Executive Orders and Proclamations of the Governor-General were published annually in a set Executive Orders and Proclamations. Thirty three (33) volumes were published until 1935 by the Bureau of Printing. Administrative Acts and Orders of the President and Proclamations were published. Only a few libraries in the Philippines have these publications for the majority were destroyed during World War II. There are copies available at the Law Library of Congress, Cincinnati Law Library Association (who offered to donate them to the Supreme Court of the Philippines) and some at the Library of the Institute of South East Asian Studies in Singapore. In researching for Proclamations, Administrative Orders, Executive Orders and Memorandum Orders & Circulars of the President, the year it was promulgated is a must, or if no year is available, the President issuing it must be stated. As a new President is sworn in, all the Presidential issuances start with No. 1. The only exception was Executive Orders issued by President Carlos Garcia after he assumed the Presidency because President Magsaysay died in a plane crash. He continued the number started by President Magsaysay. When President Garcia was elected President, he started his Executive Order No. 1. To look for the intent of Republic Acts, we have to go through the printed Journals and Records of both houses of Congress which contain their deliberation. To facilitate the search, the House Bill No. or Senate Bill No. or both found on the upper left portion of the first page of the law is important. The proceedings of the House of Representatives and the Philippine Senate are now available on their websites. The Batasang Pambansa has likewise published it proceedings. There are no available proceedings for the other laws Acts, Commonwealth Act and Presidential Decrees. Administrative Rules and Regulations Administrative Rules and regulations are orders, rules and regulations issued by the heads of Departments, Bureau and other agencies of the government for the effective enforcement of laws within their jurisdiction. However, in order that such rules and regulations may be valid, they must be within the authorized limits and jurisdiction of the office issuing them and in accordance with the provisions of the law authorizing their issuance. Access to administrative rules and regulations have been facilitated due to the two developments: a) government agencies, including government owned and controlled corporations, have their own websites where they include the full-text of their issuances, and b) the National Administrative Register, which is available in print, CD-Rom and in the Supreme Court website. In handling these types of materials, there are two important items needed: a.) Issuing Agency and b.) Year it was promulgated. This is due to the fact that all Departments, Bureaus, and other government agencies use the administrative orders, memorandum orders and memorandum circulars for their administrative rules and regulations and they start always with number 1 every year. Even the Supreme Court issues Administrative Orders, Circulars, Memorandum Orders, and Administrative Matters. Before the Administrative Code of 1987, these orders, rules and regulations were selectively published in the Official Gazette. Thus, the only source to be able to get a copy of the text of these rules and regulations is the issuing government agency itself.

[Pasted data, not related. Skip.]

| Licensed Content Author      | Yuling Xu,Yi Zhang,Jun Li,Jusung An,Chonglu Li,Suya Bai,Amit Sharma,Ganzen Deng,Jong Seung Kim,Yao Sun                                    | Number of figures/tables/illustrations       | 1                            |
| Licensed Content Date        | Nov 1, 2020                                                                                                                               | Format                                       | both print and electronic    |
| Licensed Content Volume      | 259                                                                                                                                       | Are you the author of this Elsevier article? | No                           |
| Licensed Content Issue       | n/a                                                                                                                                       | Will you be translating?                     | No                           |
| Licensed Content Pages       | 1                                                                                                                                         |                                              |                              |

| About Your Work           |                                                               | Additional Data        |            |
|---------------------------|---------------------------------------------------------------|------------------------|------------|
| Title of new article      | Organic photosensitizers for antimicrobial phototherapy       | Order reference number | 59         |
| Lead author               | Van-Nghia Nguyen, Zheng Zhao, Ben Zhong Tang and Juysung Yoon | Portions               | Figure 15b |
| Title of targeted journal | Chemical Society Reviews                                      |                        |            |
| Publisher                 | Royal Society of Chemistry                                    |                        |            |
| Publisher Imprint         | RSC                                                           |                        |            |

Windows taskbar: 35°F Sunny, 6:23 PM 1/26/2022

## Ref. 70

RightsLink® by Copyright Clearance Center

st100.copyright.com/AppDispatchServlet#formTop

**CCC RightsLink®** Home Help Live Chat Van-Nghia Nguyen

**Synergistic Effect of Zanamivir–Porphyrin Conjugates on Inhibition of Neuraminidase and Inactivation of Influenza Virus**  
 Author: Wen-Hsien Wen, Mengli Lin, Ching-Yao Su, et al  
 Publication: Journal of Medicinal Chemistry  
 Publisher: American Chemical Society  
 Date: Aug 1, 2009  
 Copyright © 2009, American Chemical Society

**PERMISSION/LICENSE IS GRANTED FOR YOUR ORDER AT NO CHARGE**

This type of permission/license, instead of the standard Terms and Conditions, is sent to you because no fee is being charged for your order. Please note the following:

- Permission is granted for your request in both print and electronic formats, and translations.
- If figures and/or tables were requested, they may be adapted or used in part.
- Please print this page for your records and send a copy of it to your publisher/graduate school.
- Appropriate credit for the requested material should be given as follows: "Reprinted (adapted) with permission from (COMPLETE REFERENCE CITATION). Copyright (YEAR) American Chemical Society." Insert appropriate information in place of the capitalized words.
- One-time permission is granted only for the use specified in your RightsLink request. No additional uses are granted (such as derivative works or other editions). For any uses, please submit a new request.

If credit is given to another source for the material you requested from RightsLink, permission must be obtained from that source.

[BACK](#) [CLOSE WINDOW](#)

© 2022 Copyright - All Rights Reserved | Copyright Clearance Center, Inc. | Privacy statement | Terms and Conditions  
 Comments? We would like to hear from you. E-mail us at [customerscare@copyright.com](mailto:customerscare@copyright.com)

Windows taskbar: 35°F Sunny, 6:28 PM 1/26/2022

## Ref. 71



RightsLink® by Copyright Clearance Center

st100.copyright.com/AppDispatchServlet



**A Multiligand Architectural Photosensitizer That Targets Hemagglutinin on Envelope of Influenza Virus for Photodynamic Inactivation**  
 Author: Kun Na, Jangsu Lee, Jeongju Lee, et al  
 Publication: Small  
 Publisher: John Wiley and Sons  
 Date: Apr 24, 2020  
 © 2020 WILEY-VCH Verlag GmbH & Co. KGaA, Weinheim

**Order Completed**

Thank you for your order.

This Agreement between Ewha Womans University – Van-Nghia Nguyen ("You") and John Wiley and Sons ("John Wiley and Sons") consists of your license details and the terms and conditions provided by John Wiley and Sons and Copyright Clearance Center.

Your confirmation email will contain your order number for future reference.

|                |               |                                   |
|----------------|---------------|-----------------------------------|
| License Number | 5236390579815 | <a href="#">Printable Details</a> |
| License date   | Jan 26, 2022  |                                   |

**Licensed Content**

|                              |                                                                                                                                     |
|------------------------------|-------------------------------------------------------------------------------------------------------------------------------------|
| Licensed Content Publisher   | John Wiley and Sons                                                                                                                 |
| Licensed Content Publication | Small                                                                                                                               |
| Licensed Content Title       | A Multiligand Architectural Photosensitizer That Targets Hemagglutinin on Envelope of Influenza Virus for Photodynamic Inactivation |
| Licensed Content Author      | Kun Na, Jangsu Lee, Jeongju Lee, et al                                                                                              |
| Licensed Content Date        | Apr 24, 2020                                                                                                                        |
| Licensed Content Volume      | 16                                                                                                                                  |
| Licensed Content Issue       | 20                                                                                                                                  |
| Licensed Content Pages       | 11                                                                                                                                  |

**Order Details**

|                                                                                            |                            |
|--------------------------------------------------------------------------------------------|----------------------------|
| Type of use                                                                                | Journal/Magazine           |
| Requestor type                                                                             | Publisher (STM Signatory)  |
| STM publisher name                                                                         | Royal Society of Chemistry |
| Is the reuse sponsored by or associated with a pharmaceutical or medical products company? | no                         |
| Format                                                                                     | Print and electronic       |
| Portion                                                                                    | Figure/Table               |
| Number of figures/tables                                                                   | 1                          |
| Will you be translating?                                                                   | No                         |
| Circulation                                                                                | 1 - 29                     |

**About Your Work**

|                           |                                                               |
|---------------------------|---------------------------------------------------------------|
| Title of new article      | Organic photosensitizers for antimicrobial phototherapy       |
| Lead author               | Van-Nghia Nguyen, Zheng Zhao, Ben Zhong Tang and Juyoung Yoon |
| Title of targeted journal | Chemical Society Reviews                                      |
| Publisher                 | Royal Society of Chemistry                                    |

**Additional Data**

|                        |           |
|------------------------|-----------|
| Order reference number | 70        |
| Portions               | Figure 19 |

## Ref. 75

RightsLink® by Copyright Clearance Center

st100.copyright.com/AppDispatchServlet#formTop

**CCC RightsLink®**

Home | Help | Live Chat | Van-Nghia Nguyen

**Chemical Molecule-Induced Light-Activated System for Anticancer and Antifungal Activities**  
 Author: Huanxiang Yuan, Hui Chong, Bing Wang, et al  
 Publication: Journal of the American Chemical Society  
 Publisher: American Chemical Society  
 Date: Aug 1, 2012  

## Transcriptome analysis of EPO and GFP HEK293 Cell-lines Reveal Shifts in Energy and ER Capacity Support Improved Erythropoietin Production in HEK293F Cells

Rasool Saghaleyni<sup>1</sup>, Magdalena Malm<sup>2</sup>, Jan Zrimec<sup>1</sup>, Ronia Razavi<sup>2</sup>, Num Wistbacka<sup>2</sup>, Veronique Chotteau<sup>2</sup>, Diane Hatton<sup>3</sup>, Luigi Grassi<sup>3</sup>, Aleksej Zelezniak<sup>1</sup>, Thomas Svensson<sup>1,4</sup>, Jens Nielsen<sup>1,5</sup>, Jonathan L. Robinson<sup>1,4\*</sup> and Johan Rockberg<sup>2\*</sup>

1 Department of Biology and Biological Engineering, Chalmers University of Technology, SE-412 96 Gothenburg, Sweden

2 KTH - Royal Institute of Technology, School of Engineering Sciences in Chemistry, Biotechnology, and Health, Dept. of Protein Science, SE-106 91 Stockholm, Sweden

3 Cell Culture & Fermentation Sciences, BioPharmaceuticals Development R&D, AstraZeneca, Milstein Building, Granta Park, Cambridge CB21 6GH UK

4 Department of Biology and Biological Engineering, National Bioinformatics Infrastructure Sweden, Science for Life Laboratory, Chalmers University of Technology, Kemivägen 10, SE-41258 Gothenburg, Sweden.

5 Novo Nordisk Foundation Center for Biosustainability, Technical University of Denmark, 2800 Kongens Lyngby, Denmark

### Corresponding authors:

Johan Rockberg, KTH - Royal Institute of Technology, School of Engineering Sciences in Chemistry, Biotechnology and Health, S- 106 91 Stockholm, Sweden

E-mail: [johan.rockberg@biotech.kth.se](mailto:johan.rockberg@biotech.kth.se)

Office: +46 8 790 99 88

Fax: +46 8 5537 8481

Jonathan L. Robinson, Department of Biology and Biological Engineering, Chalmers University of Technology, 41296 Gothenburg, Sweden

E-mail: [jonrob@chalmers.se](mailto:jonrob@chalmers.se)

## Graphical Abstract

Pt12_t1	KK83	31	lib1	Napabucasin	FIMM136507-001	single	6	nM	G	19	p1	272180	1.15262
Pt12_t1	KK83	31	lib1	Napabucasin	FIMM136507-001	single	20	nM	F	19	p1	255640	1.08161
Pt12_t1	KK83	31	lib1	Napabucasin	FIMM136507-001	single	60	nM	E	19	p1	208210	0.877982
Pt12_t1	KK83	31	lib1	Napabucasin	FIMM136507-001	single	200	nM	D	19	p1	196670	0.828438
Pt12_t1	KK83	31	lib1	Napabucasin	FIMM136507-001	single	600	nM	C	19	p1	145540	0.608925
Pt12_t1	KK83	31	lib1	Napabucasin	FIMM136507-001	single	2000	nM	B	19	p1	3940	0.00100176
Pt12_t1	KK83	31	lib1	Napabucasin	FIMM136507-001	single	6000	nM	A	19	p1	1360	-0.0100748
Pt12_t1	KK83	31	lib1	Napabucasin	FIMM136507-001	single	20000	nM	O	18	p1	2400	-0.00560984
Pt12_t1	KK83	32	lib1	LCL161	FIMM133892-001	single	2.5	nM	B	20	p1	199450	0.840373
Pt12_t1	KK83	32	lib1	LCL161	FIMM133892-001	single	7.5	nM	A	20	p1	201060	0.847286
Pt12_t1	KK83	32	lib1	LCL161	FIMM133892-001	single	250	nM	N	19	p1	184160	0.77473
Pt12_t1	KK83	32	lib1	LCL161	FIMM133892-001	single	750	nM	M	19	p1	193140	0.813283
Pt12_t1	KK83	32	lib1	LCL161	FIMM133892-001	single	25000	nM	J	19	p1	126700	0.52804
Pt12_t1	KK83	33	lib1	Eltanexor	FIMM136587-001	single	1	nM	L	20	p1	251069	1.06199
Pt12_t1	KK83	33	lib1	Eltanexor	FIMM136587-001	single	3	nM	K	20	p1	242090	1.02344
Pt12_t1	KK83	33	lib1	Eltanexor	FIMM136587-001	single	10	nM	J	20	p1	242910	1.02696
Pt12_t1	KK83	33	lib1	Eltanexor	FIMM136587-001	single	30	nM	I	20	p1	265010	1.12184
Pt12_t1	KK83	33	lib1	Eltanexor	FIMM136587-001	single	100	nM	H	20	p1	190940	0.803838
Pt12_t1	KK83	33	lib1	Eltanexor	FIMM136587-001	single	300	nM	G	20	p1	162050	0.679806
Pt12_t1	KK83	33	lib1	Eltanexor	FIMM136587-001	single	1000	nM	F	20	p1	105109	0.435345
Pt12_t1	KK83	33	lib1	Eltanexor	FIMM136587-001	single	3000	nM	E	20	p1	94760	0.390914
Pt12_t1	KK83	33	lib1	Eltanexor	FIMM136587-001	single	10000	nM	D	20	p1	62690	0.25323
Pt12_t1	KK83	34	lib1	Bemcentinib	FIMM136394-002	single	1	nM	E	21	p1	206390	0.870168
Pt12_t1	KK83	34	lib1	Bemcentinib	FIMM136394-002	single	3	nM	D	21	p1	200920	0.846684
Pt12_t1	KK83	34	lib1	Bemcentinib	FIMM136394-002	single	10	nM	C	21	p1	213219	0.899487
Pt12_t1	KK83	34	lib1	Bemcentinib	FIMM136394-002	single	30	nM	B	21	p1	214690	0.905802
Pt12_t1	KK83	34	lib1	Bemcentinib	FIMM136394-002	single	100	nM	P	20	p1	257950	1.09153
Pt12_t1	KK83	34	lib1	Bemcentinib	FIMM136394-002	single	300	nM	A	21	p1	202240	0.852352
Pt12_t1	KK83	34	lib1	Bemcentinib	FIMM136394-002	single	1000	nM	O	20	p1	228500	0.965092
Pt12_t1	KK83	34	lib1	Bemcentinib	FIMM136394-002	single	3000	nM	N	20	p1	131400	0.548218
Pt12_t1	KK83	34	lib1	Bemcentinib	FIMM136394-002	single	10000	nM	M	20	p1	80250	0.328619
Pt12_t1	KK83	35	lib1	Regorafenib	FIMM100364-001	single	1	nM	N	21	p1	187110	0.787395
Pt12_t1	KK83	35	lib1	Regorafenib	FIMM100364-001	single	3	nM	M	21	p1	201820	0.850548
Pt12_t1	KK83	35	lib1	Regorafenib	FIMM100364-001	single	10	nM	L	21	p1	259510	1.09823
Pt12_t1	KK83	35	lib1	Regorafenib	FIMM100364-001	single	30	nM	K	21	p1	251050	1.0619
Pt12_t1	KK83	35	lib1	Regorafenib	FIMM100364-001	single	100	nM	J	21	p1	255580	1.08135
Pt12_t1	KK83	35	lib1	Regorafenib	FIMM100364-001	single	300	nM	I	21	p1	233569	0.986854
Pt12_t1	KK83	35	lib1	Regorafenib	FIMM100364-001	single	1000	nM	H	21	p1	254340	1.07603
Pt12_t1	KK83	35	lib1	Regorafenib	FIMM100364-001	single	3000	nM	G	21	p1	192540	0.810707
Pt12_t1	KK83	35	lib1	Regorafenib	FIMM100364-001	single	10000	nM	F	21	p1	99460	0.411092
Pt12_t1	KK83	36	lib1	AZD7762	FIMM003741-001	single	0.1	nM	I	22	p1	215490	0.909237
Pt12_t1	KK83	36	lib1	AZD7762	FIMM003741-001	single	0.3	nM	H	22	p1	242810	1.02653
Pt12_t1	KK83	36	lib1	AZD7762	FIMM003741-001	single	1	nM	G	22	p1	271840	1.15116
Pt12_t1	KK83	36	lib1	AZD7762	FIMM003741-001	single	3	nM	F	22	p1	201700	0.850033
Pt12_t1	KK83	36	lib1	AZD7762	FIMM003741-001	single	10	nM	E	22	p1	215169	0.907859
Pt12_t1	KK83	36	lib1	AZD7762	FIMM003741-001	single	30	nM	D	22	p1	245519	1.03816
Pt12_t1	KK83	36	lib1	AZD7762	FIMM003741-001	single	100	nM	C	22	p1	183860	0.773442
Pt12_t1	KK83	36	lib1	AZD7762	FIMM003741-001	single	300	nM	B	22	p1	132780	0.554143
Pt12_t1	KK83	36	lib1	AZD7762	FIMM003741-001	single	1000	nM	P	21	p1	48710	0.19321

When the 1987 Administrative Code (Executive Order No. 292) was promulgated, all governmental and department orders, rules and regulations have to be filed with the University of government agencies including government owned and controlled corporations have to file three (3) certified copies of their orders, rules and regulations with the University of the Philippines Law Centers Office of National Administrative Register and are required to publish quarterly in a publication called National Administrative Register. Aside from the printed copies, the National Administrative Register is available electronically on CD-ROM (CD Asia Technologies Inc.) and online at the Supreme Court E-Library. Rules in force on the date on which the Code took effect which are not filed within three months from the date not thereafter shall be the basis of any sanction against any person or party. Each rule becomes effective 15 days after the filing, unless a different date is fixed by law or specified in the rule, such as in cases of imminent danger to public health, safety and welfare, the existence of which must be expressed in a statement accompanying the rule. The court shall take judicial notice of the certified copy of each rule duly filed or as published in the bulletin or codified rules University of the Philippines Law Centers Office of National Administrative Register is not only tasked to publish this quarterly register but must keep an up-to-date codification of all rules thus published and remaining in effect together with a complete index and appropriate tables. Every rule establishing an offense or defining an act which pursuant to law is punishable as a crime or subject to a penalty shall in all cases be published in full text. Exceptions to the filing requirement are Congress, Judiciary, Constitutional Commission, military establishments in all matters relative to Armed Forces personnel, the Board of Pardons and Parole and state universities and colleges. As previously stated, there are no up-to-date or complete Statutes finders. Those published are listed in the Philippine Legal Information Resources and Citations (part II of the 2009 Update ). As previously stated, to facilitate legal research, one has to go online to virtual libraries such as the Supreme Court E-Library, Chan Robles Virtual Law Library, Arellano Law Foundations The I Lawphil Project, and CD Asia Technologies or the different databases in CD ROM such as those of CD Asia Technologies Asia Inc., !e-library! A Century and 4 Years of Supreme Court Decisions and iLaw Instant CD. 5.2 Research of Case Law